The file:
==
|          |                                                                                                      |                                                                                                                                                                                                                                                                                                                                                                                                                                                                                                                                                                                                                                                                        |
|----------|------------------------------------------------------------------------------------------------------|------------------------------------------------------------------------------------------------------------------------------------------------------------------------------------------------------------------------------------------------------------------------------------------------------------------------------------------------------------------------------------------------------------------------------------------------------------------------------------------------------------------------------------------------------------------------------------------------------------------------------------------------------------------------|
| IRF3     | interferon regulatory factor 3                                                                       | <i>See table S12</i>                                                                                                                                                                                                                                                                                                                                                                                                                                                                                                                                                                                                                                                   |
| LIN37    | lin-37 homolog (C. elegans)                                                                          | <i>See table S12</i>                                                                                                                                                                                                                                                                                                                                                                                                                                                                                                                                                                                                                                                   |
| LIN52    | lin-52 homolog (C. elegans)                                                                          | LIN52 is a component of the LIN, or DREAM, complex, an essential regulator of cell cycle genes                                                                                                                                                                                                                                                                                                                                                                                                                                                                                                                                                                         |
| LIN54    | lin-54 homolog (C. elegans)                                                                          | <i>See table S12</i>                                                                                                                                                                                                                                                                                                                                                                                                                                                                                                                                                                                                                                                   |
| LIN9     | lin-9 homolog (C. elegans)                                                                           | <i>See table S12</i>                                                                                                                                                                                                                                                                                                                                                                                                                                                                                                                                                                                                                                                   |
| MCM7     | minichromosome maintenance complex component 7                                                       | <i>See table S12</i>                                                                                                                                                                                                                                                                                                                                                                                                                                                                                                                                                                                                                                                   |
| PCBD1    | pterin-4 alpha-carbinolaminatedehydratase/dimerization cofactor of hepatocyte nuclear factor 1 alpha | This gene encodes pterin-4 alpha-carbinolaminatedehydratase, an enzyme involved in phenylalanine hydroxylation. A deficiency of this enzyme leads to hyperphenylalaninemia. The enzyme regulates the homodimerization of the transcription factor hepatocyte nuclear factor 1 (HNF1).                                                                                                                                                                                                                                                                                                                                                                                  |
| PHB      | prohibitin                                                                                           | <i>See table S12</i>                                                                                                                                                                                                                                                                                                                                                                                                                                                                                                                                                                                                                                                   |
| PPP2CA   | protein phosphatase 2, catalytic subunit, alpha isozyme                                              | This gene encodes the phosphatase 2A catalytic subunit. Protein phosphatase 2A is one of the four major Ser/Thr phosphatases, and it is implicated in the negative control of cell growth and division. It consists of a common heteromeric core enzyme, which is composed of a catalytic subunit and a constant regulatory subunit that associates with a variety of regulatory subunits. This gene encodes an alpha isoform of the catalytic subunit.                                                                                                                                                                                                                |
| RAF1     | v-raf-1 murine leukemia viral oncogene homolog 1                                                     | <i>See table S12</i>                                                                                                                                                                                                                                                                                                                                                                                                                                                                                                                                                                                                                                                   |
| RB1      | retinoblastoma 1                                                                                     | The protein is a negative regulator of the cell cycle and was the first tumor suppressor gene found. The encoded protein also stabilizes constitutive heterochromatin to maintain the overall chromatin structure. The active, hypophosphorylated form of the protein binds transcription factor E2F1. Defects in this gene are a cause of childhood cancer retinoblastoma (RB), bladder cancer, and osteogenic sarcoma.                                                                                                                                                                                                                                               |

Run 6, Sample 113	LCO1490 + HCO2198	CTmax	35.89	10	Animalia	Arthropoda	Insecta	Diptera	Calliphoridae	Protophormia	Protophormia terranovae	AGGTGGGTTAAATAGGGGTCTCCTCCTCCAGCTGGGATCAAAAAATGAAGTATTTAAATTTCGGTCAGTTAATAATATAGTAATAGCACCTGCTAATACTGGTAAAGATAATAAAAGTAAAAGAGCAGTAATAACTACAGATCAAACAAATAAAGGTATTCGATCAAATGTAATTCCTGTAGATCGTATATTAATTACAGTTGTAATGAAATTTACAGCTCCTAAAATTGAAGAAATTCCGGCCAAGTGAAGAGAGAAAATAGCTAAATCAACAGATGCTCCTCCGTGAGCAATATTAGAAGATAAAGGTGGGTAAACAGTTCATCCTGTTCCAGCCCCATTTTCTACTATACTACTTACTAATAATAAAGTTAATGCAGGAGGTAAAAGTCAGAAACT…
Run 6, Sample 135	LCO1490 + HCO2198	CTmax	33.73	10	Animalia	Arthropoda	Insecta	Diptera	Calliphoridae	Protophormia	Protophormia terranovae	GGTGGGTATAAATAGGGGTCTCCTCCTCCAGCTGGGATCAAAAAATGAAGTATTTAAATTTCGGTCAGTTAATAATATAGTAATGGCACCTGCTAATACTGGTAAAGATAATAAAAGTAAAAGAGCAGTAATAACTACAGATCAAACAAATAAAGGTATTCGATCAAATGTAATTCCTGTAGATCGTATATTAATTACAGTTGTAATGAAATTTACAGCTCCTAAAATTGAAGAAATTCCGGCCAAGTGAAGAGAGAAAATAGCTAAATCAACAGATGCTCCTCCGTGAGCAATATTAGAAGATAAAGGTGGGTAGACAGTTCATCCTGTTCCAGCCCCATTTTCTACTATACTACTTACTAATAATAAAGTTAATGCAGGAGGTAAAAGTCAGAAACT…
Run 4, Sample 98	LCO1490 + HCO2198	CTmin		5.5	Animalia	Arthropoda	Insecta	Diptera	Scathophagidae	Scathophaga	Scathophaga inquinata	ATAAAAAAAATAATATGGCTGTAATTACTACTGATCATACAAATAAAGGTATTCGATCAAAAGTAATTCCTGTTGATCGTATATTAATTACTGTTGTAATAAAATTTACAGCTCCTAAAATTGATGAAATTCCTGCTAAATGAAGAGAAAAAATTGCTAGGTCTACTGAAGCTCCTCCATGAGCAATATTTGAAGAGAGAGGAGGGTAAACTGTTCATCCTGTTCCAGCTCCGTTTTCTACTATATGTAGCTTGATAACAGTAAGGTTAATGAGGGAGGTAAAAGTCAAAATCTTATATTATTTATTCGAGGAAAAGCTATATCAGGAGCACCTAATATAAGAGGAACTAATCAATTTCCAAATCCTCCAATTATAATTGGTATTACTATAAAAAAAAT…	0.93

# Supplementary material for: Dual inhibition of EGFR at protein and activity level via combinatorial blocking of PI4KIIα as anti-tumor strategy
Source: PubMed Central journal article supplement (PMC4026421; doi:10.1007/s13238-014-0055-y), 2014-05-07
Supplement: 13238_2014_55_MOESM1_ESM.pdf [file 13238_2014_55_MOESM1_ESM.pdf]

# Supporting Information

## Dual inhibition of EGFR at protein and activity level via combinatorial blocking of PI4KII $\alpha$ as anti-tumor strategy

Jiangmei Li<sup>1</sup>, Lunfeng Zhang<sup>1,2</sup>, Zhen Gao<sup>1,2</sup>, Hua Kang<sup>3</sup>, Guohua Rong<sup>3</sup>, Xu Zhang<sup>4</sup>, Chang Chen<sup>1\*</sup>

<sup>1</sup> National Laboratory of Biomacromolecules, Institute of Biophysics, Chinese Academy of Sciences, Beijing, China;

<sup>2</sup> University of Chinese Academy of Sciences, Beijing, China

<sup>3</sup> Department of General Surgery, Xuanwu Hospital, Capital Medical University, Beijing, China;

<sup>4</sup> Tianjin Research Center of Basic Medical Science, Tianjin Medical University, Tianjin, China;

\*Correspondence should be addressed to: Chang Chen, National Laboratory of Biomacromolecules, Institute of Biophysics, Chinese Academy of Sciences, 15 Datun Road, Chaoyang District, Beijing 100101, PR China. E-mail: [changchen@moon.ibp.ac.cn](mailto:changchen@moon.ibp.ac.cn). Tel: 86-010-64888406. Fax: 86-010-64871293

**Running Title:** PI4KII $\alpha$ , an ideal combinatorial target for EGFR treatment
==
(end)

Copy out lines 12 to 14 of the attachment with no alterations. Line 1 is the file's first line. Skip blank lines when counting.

| RAF1     | v-raf-1 murine leukemia viral oncogene homolog 1                                                     | <i>See table S12</i>                                                                                                                                                                                                                                                                                                                                                                                                                                                                                                                                                                                                                                                   |
| RB1      | retinoblastoma 1                                                                                     | The protein is a negative regulator of the cell cycle and was the first tumor suppressor gene found. The encoded protein also stabilizes constitutive heterochromatin to maintain the overall chromatin structure. The active, hypophosphorylated form of the protein binds transcription factor E2F1. Defects in this gene are a cause of childhood cancer retinoblastoma (RB), bladder cancer, and osteogenic sarcoma.                                                                                                                                                                                                                                               |

Run 6, Sample 113	LCO1490 + HCO2198	CTmax	35.89	10	Animalia	Arthropoda	Insecta	Diptera	Calliphoridae	Protophormia	Protophormia terranovae	AGGTGGGTTAAATAGGGGTCTCCTCCTCCAGCTGGGATCAAAAAATGAAGTATTTAAATTTCGGTCAGTTAATAATATAGTAATAGCACCTGCTAATACTGGTAAAGATAATAAAAGTAAAAGAGCAGTAATAACTACAGATCAAACAAATAAAGGTATTCGATCAAATGTAATTCCTGTAGATCGTATATTAATTACAGTTGTAATGAAATTTACAGCTCCTAAAATTGAAGAAATTCCGGCCAAGTGAAGAGAGAAAATAGCTAAATCAACAGATGCTCCTCCGTGAGCAATATTAGAAGATAAAGGTGGGTAAACAGTTCATCCTGTTCCAGCCCCATTTTCTACTATACTACTTACTAATAATAAAGTTAATGCAGGAGGTAAAAGTCAGAAACT…